Stormdancer (The Lotus War #1) by Jay Kristoff
Rating: 4.5 stars
Wow, I really don't know what to say. The language in Stormdancer is utterly stunning. The writing is so beautiful and breath-taking that I sometimes stop and read a sentence over and over again. The words were fluid and flows into each other perfectly, they paint the picture so vividly that I have no trouble imagining every character, environment or movement in the story. It has been so long since I have read a YA novel with such an excellent quality of language. The vocabulary is also amazing. Thank you, Jay Kristoff.
Now that I'm done ranting about how beautiful the writing is, I'm going to move on to the story itself. The plot is well-planned and draws the reader right in. When I started the book, read about ten or twenty pages, I wasn't sure whether I'd liked it and whether it would be something worth reading. This is because the background of the book involves Japanese culture and is set in "Japan". No offense to any writers, but I just find that generally Western authors don't have enough understanding of an Asian coutry to write well on stories involving Asian characters or culture. But Jay Kristoff, you really topped this. It's not about whether you have a perfect understanding or use of the Japanese language or whether everything in the book was perfectly correct; but it's about how hard you've tried create and portray this story, how much research you've done and how much understanding you have on what you want to write. Even though it is written in English, I've never once forgotten that I'm reading a story with a brave Japanese girl as the central character or I'm in a created world of Japan. The author skillfully weaves the colourful Japanese culture such as the language, clothing, weapons and symbols etc. into the writing. As soon as I decided that this book was worth my time, I read on and I never wanted to put it down until I finished. The plot was tight and set at a good pace, with suprises jumping out at turns. I wanted to know what happens next desperately. Thank you Jay Kristoff, for such an amazing story.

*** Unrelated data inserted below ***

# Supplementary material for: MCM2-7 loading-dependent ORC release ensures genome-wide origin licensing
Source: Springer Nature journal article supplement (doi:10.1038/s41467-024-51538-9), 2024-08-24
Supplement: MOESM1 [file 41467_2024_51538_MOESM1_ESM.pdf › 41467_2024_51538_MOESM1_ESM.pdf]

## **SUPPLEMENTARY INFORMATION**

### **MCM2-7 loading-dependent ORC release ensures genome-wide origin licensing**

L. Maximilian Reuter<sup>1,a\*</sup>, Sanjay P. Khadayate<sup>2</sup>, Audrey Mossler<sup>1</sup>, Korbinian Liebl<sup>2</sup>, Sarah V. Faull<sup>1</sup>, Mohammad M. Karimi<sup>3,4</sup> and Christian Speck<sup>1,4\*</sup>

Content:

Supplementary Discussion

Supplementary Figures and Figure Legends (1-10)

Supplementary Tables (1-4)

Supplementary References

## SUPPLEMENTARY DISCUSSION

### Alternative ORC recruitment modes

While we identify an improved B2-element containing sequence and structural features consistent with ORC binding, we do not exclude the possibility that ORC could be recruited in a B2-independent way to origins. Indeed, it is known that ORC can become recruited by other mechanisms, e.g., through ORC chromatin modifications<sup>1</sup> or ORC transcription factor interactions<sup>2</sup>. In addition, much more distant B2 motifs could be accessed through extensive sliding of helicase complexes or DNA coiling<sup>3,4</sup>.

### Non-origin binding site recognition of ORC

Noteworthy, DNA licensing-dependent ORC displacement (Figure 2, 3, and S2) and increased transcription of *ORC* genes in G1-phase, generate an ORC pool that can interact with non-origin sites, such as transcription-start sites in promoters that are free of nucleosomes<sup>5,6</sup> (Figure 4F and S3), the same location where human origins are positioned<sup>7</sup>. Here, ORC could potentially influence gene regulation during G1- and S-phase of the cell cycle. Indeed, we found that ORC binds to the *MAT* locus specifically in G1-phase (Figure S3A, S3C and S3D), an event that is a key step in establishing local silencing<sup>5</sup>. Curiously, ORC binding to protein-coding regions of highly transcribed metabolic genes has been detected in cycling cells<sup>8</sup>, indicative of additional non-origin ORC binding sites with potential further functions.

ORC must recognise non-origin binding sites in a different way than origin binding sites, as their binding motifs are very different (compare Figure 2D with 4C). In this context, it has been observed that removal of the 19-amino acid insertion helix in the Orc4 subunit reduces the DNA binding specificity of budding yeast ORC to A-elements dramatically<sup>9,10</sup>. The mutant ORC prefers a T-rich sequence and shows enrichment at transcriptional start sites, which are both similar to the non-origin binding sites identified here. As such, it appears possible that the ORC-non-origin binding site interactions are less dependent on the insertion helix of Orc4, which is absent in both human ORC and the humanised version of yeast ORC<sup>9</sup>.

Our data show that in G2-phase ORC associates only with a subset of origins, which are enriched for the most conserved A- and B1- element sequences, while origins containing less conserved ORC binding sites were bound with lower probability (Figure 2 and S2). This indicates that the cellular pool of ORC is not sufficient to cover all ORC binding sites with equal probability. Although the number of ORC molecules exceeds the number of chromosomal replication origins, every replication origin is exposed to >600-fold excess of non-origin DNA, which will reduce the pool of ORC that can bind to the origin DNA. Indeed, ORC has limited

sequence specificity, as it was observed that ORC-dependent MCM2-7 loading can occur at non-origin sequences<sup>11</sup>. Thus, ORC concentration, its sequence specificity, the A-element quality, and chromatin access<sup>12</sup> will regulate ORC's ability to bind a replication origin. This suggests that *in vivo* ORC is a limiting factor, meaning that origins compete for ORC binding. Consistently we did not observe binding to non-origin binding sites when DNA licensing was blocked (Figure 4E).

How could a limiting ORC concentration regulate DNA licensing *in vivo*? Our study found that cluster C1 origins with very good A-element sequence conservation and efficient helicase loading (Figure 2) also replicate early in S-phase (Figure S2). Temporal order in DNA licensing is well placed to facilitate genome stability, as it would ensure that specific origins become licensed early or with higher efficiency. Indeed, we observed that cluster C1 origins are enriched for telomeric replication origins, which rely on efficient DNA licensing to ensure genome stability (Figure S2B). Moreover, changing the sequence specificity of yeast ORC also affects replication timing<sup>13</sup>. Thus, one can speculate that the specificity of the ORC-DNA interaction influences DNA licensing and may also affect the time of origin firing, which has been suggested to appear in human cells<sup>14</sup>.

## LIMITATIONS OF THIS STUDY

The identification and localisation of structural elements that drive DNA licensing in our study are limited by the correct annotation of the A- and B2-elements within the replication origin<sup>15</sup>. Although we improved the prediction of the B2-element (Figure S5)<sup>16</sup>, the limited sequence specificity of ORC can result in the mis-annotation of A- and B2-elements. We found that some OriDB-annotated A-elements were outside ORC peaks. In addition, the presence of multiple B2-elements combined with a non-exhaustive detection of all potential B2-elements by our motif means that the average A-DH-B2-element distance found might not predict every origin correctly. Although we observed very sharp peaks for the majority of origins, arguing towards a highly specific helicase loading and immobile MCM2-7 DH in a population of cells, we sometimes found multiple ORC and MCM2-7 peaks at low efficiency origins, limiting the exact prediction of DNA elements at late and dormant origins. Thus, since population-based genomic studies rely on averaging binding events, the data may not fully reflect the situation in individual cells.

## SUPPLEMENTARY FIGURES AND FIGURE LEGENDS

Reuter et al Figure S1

Honour is something discussed quite a lot in this book. I really liked the take Jay Kristoff took on the idea of honour. Japanese Samuris have a great capacity for honour and they hold it highly. However, in this book, it presents the question "what really is honour"? What kind of people really has honour and how much is honour really worth? Sometimes, there seems to be not much difference between honourable and stupid. The way Kristoff brings out this theme in relation to the setting/characters is thoughtful and interesting. I also really liked the use of Lotus in this book. Lotus is usually something pure and beautiful in Asian culture, but Kristoff twisted it so that the red Lotus (I don't think there's even red Lotus in real life?) becomes the root of all evil. It's contrasting yet interesting.